Article 32 of the charter states, "Any member of the United Nations which is not a member of the Security Council, or any state which is not a Member of the United Nations, if it is a party to a dispute under consideration by the Security Council, shall be invited to participate, without vote, in the discussion relating to the dispute."

Instead, nations complain that even when they are a subject of or involved with the matters before the Security Council, they are excluded from the discussion and negotiation of resolutions and are only allowed to speak after a decision has been agreed to and voted on by those on the council.

Since nonpermanent members only serve for two years at a time, they are at a disadvantage when compared to the P-5, which have been on the council since it was created over 60 years ago. The P-5 nations are familiar with the past experience of the council. They also have greater resources to draw on in keeping up with the intense schedule of diverse issues that come before the council. In addition, the P-5 can use their veto as a means to pressure for their interests or to threaten that they will prevent any action.

Nations Urge Specific Reforms

Following are a few excerpts from many statements made by UN delegates at the Aug. 27 open debate describing what delegates view as the problems that need attention.

Dumisani Kumalo, the South African ambassador to the UN, explained:

"The Security Council has witnessed the gradual erosion of its credibility and authority. Its representativity has been challenged increasingly, as it addresses matters that have expanded beyond the vision that the founders of the United Nations foresaw in 1945.

"In the past decades, permanent members of the Security Council have sought to utilize the Council to further their own interest. We have always been troubled by the fact that issues such as Kosovo, Western Sahara, non-proliferation and even Georgia, are regarded as of interest, at least to some members of the Council, to the exclusion of other issues. On the question of the Middle East, people around the world are well aware that the Council has remained paralyzed in trying to address the plight of the Palestinian people 40 years after the illegal occupation of their land" (3).

Ambassador Davide of the Philippines told the council:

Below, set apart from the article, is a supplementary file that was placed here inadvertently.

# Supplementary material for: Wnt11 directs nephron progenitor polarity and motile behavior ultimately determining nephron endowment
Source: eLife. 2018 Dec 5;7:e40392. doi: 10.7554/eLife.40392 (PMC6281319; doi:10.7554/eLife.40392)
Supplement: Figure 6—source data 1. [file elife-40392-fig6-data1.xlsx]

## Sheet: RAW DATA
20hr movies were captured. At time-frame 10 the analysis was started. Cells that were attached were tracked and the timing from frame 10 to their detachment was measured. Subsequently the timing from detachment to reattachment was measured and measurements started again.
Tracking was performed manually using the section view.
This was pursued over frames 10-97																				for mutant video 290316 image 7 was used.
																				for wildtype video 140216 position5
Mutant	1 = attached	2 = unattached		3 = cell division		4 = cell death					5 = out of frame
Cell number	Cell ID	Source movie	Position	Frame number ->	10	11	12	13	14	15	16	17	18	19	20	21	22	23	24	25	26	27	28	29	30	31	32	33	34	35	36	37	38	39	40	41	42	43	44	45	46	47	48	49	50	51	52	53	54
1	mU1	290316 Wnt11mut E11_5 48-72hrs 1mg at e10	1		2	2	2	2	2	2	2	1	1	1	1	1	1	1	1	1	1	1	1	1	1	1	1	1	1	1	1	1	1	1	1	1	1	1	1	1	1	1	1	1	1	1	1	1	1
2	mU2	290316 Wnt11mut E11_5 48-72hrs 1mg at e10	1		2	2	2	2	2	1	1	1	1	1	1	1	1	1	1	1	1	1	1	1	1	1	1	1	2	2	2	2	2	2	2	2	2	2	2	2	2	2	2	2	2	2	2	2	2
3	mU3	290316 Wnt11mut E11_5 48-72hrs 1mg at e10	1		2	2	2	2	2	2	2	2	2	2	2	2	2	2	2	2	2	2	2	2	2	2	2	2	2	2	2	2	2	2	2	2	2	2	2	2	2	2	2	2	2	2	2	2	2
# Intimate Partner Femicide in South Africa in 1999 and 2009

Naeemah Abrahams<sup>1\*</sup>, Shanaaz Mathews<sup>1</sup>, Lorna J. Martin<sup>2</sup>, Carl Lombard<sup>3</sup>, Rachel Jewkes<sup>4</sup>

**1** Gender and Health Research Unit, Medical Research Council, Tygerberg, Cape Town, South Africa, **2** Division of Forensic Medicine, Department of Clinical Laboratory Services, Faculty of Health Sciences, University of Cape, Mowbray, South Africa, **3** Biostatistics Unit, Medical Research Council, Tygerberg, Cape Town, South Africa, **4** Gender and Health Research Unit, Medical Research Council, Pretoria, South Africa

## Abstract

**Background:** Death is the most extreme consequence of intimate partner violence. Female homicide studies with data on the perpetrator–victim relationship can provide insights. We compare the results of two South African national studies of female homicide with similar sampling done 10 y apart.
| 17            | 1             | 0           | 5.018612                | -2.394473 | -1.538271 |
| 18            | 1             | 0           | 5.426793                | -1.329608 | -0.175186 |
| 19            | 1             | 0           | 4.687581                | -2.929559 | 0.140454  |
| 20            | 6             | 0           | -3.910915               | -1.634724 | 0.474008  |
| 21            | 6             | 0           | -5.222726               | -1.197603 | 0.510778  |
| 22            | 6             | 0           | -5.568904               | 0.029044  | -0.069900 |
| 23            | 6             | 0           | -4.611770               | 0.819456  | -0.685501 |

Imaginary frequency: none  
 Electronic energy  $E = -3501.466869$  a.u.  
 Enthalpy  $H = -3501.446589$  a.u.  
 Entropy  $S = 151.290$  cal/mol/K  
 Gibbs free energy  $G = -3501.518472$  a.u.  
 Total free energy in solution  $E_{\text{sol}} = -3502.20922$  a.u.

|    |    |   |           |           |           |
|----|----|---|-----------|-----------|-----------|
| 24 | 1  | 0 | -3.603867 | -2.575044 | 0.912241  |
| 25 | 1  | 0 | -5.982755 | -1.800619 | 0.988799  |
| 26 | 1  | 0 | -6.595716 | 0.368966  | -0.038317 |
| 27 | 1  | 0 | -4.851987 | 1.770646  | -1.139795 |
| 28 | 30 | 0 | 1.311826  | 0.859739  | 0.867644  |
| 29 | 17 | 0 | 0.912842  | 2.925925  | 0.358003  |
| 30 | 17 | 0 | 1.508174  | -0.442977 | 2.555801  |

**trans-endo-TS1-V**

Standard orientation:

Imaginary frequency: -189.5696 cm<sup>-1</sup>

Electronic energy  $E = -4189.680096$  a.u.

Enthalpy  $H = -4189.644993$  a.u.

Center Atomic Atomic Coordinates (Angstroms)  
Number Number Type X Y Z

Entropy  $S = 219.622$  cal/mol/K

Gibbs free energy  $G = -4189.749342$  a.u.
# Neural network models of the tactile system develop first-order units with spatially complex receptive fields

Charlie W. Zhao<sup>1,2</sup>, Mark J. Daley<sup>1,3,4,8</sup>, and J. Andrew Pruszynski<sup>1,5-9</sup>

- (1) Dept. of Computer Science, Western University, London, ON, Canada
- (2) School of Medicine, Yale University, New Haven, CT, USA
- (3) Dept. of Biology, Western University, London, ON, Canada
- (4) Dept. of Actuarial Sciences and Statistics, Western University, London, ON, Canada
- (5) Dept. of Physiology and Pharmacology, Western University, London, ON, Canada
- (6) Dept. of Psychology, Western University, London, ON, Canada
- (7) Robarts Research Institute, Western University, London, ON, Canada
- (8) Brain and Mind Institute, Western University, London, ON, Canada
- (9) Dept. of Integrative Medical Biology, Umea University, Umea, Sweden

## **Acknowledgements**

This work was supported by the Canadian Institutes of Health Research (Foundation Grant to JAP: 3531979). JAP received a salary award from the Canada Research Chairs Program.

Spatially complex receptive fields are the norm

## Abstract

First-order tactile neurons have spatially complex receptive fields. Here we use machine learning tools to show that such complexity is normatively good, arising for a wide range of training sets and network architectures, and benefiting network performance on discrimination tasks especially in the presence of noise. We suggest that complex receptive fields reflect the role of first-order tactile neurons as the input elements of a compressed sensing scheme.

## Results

"Due process and the rule of law demand that Member States that are not members of the Security Council but are the subjects of the Council's scrutiny should have the right to appear before the Council at all stages of the proceedings concerning them to state or defend their positions on the issues that are the subjects of or are related to that scrutiny. At present such participation is unfairly limited by rules 37 and 38 of the provisional rules of procedure. This is a denial of due process, which is a violation of the basic principle of the rule of law. Due process and the rule of law require that a party must be heard before it is condemned" (4).

Mehdi Danesh-Yazdi, the Iranian ambassador to the UN, asked:

"A legitimate question therefore arises: whether the outcome of such non-transparent, exclusive and political procedures can represent the points of view of the entire membership. How can one expect Member States to implement decisions that are made without even minimal engagement on their part, or even without their knowledge?" (5).

Maria Fernanda Espinosa, Ecuador's ambassador, reminded the council:

"In failing to apply these methods and thus failing to improve its working methods, the Council has overlooked the fundamental premise that its actions are carried out on behalf of and in representation of all Member States" (6).

Does the Council Act in Accord with the Charter and International Law?

The UN Charter states that the member nations are obliged to carry out the decisions of the Security Council that are in accord with the charter. This implies there is an obligation of the council to draft resolutions that are in line with the obligations of the charter and of international law. According to Article 25, "The members of the United Nations agree to accept and carry out the decisions of the Security Council in accordance with the present Charter." Presently, however, there is no mechanism to prevent the council from passing resolutions contrary to the charter and then claiming that member states must enforce the resolutions.

A case in point is the sanctions list the Security Council has compiled of the names of individuals and entities that it alleges have been involved in the financing of the al-Qaida network and the Taliban. This is detailed in Security Council resolution 1267 (1999) and related resolutions.

The bank accounts of these individuals and entities are to be frozen and a ban instituted on their right to travel (7). Several of those whose names have been put on this list have appealed to various courts and sought other avenues for legal remedies, as they claim none exists within the UN processes. A recent decision by the European Court of Justice on Sept. 3, agreed with the arguments of two of those on the list, Yassin Abdullah Kadi, an individual, and Al Barakaat International Foundation, an entity (8).